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Washington grange lands grant to serve the community during extreme heat, smoke events

The Twisp Valley Grange is already a community event space, but it hopes to expand its ability to provide refuge during heat and smoke events.
Courtesy of Twisp Valley Grange
The Twisp Valley Grange is already a community event space, but it hopes to expand its ability to provide refuge during heat and smoke events.

A north central Washington grange wants to become a haven for residents looking for respite from summer heat and wildfire smoke. The dream may come true, thanks to a grant from the state Department of Commerce.

For years, the Twisp Valley Grange has been a community gathering place for weddings and other events. But it’s a facility that dates back to the mid-20th century and it doesn’t have air conditioning. Grange secretary Mary Jane Perry and her fellow board members thought a little modernization might help it become more relevant in the community.

"We came up with this idea of, well, if we got a heat pump, one on each floor, that we could become a refuge from extreme heat. And then if we put air filters in the existing ducts, we could also become a refuge from unhealthy air," she said.

Last week, the grange landed a $242,000 grant from the Department of Commerce to improve its energy efficiency.

“Having this facility now with air conditioning on both floors and, in the not-too-distant-future, having air filtration systems, we’ll be able to offer people in the community a place to escape. Maybe they want to hang out during the day, maybe they want to hang out during their lunch hour, but it’s something that Twisp doesn’t have right now," Perry said.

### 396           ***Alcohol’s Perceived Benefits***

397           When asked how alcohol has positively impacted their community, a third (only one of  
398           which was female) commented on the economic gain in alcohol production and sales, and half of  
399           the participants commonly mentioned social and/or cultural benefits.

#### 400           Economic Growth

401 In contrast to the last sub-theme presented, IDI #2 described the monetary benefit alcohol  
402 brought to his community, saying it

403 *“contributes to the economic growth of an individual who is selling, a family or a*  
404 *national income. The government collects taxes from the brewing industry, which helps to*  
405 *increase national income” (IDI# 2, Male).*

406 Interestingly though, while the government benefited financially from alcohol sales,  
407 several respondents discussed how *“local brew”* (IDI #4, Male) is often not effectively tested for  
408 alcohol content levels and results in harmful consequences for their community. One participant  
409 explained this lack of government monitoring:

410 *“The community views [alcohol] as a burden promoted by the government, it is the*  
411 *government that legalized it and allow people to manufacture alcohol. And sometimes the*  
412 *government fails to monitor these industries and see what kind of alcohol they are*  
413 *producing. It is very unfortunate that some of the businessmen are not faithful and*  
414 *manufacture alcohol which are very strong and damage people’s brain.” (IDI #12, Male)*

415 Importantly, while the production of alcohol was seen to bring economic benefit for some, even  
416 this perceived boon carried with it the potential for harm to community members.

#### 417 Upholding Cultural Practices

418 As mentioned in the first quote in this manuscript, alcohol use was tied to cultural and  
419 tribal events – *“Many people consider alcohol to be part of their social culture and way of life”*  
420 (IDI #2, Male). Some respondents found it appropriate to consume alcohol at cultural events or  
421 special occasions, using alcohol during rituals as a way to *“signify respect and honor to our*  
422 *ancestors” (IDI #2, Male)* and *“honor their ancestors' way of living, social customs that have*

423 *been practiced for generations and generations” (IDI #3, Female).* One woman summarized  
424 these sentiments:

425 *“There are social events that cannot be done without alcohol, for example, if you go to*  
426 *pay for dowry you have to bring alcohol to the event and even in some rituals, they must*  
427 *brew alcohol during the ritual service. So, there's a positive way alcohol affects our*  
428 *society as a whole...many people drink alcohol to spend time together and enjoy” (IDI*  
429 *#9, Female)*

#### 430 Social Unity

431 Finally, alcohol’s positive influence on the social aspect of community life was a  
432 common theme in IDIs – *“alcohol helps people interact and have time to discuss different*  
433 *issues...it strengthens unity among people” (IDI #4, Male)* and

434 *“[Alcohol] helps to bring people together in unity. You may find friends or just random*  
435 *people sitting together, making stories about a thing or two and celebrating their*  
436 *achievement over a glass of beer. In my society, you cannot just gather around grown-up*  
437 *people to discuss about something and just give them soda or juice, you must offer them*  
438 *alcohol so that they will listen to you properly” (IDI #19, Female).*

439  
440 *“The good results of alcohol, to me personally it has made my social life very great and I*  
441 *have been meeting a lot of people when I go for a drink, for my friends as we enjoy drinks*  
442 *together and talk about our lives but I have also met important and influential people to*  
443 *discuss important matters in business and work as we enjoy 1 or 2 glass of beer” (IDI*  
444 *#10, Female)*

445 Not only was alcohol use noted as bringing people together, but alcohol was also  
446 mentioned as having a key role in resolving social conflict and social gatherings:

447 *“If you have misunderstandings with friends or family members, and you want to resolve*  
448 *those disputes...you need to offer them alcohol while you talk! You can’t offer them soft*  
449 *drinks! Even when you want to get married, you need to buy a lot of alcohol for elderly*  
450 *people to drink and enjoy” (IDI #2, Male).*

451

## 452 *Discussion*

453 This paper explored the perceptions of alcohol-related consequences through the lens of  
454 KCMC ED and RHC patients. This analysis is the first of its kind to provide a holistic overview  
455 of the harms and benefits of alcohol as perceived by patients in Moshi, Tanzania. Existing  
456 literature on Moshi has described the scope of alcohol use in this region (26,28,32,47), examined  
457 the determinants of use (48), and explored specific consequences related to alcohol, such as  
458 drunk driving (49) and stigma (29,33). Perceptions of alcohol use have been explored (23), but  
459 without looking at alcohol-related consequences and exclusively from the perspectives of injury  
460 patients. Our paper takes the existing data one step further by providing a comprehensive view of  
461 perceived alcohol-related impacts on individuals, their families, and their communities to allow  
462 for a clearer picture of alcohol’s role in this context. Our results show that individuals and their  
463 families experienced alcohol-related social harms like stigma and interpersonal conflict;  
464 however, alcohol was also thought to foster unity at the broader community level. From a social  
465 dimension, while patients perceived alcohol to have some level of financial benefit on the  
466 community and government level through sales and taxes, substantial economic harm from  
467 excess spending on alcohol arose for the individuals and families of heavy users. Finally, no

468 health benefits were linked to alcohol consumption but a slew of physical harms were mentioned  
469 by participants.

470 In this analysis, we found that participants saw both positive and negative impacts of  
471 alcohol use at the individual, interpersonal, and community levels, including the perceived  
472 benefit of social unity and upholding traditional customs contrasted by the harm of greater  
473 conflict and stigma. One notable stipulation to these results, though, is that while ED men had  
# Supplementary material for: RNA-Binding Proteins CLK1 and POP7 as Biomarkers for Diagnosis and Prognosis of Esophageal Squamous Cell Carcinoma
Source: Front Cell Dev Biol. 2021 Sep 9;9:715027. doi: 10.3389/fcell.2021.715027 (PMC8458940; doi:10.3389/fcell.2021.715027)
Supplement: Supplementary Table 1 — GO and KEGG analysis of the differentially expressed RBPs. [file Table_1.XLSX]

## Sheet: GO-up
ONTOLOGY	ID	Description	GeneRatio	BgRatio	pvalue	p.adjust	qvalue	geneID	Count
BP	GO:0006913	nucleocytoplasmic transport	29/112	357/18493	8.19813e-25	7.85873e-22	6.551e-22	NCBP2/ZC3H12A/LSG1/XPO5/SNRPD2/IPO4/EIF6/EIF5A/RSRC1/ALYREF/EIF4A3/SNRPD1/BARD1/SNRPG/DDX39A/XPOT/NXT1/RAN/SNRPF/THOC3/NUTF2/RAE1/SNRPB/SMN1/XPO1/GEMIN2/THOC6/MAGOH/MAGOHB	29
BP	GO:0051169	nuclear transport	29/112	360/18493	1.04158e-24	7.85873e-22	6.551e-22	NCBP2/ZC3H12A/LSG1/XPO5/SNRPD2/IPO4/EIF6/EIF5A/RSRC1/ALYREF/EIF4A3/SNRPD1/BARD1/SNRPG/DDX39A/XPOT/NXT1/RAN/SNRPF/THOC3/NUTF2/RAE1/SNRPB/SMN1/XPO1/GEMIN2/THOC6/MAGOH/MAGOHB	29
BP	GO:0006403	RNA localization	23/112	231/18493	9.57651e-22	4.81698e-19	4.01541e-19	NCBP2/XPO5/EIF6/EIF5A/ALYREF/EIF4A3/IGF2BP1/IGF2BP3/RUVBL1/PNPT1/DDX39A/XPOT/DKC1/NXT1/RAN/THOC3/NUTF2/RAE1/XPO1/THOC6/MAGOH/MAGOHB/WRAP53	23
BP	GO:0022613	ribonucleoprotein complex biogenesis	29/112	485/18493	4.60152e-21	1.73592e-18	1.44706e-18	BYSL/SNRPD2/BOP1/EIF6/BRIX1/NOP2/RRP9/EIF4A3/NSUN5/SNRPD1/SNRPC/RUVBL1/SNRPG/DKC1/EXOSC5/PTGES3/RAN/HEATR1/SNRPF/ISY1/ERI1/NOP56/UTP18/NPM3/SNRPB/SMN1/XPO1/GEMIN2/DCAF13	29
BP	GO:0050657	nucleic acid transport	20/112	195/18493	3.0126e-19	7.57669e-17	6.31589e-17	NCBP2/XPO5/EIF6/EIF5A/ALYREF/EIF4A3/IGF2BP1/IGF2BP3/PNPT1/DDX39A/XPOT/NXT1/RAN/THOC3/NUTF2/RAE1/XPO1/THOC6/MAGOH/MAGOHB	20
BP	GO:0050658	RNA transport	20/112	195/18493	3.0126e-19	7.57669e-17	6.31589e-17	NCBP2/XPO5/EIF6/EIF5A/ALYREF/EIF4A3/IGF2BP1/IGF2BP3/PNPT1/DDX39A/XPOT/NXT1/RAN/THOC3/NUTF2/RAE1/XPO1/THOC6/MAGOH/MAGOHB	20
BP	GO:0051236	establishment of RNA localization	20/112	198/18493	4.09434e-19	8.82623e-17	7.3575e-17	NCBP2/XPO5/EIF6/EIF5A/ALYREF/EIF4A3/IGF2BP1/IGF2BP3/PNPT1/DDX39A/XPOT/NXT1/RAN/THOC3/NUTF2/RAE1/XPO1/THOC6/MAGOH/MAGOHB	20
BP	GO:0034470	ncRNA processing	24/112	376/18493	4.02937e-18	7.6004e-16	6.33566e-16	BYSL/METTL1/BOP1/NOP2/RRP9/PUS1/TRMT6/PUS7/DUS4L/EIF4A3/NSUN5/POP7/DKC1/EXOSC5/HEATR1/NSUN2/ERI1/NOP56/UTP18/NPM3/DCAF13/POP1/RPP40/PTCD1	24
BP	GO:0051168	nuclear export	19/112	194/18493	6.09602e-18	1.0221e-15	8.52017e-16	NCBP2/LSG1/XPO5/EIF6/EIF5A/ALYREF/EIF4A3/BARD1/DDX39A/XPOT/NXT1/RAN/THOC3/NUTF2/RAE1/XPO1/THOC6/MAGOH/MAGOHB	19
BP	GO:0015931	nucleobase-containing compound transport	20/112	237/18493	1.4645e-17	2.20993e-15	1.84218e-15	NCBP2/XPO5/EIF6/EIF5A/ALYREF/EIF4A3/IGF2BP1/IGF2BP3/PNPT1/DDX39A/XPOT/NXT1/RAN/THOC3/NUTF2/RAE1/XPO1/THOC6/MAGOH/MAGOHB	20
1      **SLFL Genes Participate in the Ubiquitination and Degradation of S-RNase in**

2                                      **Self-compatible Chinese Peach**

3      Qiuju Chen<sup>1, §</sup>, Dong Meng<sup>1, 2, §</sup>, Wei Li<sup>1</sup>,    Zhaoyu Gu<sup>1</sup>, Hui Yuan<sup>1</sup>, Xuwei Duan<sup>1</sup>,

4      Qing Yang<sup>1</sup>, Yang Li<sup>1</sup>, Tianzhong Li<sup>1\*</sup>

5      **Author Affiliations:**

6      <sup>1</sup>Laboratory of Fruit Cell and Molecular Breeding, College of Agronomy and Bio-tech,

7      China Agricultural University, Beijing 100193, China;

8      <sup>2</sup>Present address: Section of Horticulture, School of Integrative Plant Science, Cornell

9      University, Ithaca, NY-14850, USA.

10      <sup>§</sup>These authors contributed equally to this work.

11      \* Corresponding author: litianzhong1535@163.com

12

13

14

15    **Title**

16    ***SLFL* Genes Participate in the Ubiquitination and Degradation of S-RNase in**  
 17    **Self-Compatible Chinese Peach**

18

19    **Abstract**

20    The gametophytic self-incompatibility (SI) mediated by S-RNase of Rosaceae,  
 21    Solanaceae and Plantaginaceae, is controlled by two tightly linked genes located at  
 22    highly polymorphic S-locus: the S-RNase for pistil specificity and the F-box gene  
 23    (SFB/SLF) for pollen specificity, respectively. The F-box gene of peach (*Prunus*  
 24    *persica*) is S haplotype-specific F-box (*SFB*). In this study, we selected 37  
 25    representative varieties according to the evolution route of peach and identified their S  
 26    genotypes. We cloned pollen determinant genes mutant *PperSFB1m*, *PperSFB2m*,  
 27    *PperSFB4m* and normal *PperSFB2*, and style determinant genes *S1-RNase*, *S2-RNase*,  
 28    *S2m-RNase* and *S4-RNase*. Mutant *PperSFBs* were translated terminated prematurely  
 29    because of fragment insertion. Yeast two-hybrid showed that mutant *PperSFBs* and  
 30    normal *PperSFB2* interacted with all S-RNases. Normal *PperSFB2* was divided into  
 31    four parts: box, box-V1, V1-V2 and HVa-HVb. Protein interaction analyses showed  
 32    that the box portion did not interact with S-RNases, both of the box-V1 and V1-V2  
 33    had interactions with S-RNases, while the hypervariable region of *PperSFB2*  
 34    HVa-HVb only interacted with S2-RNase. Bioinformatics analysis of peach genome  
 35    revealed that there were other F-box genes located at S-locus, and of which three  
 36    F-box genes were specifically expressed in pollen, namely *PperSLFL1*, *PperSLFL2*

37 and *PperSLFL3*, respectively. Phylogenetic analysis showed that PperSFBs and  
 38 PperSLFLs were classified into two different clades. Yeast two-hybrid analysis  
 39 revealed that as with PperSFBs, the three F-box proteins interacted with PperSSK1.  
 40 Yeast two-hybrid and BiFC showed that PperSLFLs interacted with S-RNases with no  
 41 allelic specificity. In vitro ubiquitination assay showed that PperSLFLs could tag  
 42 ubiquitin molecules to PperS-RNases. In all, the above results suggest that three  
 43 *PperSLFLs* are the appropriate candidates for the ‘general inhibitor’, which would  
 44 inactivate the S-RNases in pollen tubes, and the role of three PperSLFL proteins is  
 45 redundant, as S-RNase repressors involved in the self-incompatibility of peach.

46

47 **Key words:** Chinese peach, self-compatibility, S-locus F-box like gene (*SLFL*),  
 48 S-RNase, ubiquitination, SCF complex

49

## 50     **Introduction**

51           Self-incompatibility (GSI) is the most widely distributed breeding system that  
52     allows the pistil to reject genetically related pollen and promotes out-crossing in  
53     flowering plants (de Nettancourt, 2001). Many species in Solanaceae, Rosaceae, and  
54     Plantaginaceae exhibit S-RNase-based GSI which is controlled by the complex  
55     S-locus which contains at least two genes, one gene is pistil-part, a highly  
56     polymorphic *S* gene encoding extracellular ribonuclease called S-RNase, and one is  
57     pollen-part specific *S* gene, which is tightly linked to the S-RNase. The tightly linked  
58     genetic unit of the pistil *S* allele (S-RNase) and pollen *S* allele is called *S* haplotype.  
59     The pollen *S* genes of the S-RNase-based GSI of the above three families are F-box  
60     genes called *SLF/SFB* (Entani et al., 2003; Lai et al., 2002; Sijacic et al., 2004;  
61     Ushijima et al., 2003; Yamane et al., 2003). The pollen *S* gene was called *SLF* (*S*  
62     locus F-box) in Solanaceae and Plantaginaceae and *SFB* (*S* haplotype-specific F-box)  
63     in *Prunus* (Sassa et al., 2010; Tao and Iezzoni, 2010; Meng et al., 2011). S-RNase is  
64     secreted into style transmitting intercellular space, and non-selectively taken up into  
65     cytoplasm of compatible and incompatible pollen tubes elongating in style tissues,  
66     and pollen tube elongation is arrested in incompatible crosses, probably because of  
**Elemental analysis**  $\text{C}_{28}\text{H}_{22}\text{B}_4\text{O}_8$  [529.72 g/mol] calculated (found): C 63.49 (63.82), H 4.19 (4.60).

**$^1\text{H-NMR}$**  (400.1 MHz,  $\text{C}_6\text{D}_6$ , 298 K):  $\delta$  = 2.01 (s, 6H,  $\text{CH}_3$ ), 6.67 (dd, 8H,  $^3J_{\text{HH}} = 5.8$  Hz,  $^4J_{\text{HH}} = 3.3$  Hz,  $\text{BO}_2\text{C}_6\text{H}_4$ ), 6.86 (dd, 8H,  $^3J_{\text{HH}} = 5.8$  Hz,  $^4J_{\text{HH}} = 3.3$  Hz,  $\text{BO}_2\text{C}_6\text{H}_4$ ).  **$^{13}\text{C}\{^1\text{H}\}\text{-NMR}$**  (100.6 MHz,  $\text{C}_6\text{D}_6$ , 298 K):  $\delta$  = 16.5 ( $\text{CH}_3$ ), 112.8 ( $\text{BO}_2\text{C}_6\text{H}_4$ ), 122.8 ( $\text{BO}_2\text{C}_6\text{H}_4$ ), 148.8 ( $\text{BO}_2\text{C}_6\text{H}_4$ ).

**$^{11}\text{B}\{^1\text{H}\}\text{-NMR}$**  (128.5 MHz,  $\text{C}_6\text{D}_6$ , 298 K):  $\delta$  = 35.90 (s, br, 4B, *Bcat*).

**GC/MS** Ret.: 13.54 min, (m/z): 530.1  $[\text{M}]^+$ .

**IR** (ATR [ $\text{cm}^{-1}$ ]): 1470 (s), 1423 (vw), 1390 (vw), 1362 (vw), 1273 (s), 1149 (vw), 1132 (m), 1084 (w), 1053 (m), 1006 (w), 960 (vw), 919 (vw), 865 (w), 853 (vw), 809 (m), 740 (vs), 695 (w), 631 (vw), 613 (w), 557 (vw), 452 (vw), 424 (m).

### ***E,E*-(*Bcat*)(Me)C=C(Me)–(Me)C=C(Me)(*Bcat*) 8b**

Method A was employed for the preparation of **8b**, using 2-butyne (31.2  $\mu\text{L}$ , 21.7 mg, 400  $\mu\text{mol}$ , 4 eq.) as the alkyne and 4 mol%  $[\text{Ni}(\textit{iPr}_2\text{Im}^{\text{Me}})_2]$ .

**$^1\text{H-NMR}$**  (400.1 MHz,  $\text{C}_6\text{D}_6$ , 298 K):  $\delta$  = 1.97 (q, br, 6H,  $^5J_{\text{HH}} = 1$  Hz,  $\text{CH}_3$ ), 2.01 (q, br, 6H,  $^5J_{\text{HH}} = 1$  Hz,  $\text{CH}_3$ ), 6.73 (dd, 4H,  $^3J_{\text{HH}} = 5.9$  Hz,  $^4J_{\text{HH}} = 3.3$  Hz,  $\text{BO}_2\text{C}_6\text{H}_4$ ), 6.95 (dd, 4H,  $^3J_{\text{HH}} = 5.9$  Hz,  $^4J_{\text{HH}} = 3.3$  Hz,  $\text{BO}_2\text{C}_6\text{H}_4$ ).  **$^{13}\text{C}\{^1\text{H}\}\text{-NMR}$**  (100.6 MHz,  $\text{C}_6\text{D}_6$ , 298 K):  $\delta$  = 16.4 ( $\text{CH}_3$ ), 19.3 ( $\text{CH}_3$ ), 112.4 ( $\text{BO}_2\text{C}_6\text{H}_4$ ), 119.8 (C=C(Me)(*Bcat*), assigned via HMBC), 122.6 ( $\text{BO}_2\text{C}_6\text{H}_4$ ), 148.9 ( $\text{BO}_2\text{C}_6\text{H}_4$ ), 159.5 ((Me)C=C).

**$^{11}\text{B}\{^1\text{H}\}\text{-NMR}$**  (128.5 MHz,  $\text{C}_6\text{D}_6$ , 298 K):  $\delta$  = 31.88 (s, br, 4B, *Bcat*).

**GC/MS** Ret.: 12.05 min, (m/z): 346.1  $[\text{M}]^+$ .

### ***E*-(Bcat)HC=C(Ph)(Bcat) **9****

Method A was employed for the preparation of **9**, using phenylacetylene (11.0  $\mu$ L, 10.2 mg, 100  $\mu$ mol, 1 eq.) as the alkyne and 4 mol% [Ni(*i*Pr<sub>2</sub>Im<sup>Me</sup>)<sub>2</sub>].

It expects to begin work on the improvements this summer.

It’s not clear yet whether the grange will be able to provide respite during this wildfire season. Perry says it would have come in handy when, “two years ago, we had over 110 degrees and, at the same time, we had smoke."

By next year, the grange could be the cool go-to place in the Methow Valley.

Doug Nadvornick has spent most of his 30+-year radio career at Spokane Public Radio and filled a variety of positions. He is currently the program director and news director. Through the years, he has also been the local Morning Edition and All Things Considered host (not at the same time). He served as the Inland Northwest correspondent for the Northwest News Network, based in Coeur d’Alene. He created the original program grid for KSFC. He has also served for several years as a board member for Public Media Journalists Association. During his years away from SPR, he worked at The Pacific Northwest Inlander, Washington State University in Spokane and KXLY Radio.